Exchange and Outlook UPDATE, Outlook Edition—brought to you by Exchange & Outlook Administrator, a print newsletter from Windows & .NET Magazine that contains practical advice, how-to articles, tips, and techniques to help you do your job today.
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February 7, 2003 — In this issue:
- Fighting the Cluster Monster
- Don't Miss Our 2 New Security Web Seminars in March!
- Join the HP & Microsoft Network Storage Solutions Road Show!
- HOW TO: Implement Exchange 2000 Server on a Windows 2000-Based Cluster
- Featured Thread: Rehoming Exchange 2000 Public Folders
- Results of Last Month's Instant Poll: Wireless Messaging
- New Instant Poll: Exchange Server Version
4. HOT RELEASE (ADVERTISEMENT)
- ExMS Move Mailbox Manager Supports Exchange 2003/Titanium
5. NEW AND IMPROVED
- Access Exchange Server from Your PDA
- Submit Top Product Ideas
6. CONTACT US
See this section for a list of ways to contact us.
(contributed by Paul Robichaux, News Editor, [email protected])
Clustering seems to be a great idea—it promises superior availability and reliability for applications such as Exchange Server. However, I often hear administrators saying that they're "fighting the cluster monster." Does Exchange clustering truly work? To answer that question, we need to dig into the mechanics of clustering and better understand what it can and can't do.
First, understanding some basic Windows clustering principles is important. Each machine, or node, in a cluster can be in one of two states—active or passive—with respect to the cluster's application. For example, a two-node Exchange configuration can have either one active node and one passive node or two active nodes. Passive nodes are supposed to be ready to accept work from active nodes (i.e., fail over). The whole point of clustering is to be able to fail over users from one node to another without the users noticing. To that end, the Exchange and Outlook teams have devoted a great deal of effort to making Exchange fully able to use Windows' clustering features.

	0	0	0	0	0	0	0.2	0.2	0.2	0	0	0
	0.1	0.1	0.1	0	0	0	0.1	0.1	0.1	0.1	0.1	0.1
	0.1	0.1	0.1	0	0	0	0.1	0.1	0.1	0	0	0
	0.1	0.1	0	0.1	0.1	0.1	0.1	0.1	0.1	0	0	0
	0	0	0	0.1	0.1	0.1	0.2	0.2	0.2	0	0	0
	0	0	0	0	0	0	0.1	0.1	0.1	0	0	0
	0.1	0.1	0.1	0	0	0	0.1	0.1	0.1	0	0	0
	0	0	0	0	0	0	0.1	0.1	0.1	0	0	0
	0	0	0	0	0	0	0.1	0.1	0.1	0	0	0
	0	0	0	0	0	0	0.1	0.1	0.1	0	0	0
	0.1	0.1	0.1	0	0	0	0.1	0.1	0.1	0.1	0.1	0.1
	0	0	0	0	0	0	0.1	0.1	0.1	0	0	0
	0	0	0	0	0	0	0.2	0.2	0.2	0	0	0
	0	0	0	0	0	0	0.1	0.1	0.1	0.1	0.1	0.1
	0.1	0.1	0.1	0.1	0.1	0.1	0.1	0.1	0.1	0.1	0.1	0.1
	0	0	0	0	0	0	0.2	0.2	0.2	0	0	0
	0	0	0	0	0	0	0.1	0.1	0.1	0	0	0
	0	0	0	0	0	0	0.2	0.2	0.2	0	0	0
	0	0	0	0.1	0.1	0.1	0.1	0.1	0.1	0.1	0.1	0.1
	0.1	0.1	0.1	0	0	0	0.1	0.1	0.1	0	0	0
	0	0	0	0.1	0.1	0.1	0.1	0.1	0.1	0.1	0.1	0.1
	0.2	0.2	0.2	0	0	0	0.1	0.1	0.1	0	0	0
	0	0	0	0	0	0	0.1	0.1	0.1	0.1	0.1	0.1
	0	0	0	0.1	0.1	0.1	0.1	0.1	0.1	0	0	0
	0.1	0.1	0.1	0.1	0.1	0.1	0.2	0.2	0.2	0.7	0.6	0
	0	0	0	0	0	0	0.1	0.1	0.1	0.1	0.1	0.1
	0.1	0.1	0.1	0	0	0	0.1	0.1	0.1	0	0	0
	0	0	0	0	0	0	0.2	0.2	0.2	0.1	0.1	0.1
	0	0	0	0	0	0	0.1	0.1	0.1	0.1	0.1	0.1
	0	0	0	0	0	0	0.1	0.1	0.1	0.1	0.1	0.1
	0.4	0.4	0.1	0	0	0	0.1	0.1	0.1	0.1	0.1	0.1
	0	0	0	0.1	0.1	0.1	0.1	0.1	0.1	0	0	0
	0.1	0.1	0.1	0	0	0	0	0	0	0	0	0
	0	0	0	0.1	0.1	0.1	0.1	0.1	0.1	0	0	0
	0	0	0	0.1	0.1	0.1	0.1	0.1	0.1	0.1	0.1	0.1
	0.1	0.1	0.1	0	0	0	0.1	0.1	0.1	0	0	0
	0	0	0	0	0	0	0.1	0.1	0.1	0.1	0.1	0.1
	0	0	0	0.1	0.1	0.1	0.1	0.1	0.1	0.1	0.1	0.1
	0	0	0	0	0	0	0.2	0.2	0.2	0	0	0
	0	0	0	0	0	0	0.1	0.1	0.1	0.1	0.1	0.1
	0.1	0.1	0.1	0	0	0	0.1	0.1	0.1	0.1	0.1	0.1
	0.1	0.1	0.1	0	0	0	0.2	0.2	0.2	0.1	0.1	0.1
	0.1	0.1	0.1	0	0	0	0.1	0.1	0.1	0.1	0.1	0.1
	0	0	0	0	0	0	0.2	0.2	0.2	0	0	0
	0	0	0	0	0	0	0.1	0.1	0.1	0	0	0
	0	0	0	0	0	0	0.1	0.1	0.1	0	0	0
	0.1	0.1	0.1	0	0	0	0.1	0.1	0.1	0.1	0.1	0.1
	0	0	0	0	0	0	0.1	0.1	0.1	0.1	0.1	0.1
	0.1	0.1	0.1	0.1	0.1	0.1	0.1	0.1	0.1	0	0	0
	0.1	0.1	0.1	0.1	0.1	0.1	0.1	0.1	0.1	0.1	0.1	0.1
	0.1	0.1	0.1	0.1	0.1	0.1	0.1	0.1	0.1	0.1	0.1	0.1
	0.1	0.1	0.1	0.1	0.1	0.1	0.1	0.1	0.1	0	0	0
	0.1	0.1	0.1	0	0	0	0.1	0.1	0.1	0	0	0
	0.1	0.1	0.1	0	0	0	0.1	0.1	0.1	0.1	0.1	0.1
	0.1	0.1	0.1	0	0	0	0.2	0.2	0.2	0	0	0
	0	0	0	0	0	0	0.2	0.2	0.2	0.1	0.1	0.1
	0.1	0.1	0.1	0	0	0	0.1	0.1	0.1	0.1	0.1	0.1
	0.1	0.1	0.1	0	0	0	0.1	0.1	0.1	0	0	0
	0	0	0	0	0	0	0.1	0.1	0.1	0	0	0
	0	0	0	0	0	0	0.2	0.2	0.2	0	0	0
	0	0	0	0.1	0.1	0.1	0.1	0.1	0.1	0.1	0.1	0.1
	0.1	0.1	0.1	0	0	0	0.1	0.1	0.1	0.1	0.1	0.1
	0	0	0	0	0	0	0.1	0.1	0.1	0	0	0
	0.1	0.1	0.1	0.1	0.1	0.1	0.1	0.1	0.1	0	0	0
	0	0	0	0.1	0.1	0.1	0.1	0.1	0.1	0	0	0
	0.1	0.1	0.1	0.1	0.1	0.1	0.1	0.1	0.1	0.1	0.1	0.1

The nodes in a cluster share access to a set of storage devices through shared SCSI or Fibre Channel. You can divide the storage into logical volumes, each of which can be owned by one node at a time. The cluster uses a special volume called the quorum disk to log cluster configuration information and changes. The Windows cluster software can replay these changes when an offline node comes back online. The nodes in an Exchange cluster don't share data—two nodes can't write to the same mailbox database at the same time. Therefore, you must configure storage to give each node independent access to the Exchange stores and log files.
Administrators often have several complaints against clustering in general and against clustering Exchange in particular. The first is that clustering is expensive. No argument there: A low-end two-node cluster will set you back at least $15,000 for the two nodes and a storage unit (plus more for disks). You also have fewer hardware choices: You're restricted to systems listed in Microsoft's cluster Hardware Compatibility List (HCL). Don't even think about scrimping by clustering (possibly less expensive) hardware that isn't on this list. Although other systems might work, Microsoft won't support them and you'll be sorry in the end. (You can find the HCL at the URL below.)
The second objection is that clustering can actually increase downtime instead of reducing it. This complaint is also true, but its truth stems from a basic fact that has nothing to do with clustering: The most common point of failure is the administrator! Making a dumb mistake on one system is one thing. Making the same dumb mistake on a complex multinode cluster that supports thousands of users certainly increases the odds that the mistake will cause some damage. Everyone who has administrative or physical access to your Exchange clusters must understand how clusters work and how they differ from nonclustered systems. Although this necessity might require extra training, the increased uptime you'll gain from a properly administered cluster will more than repay the extra time and cost.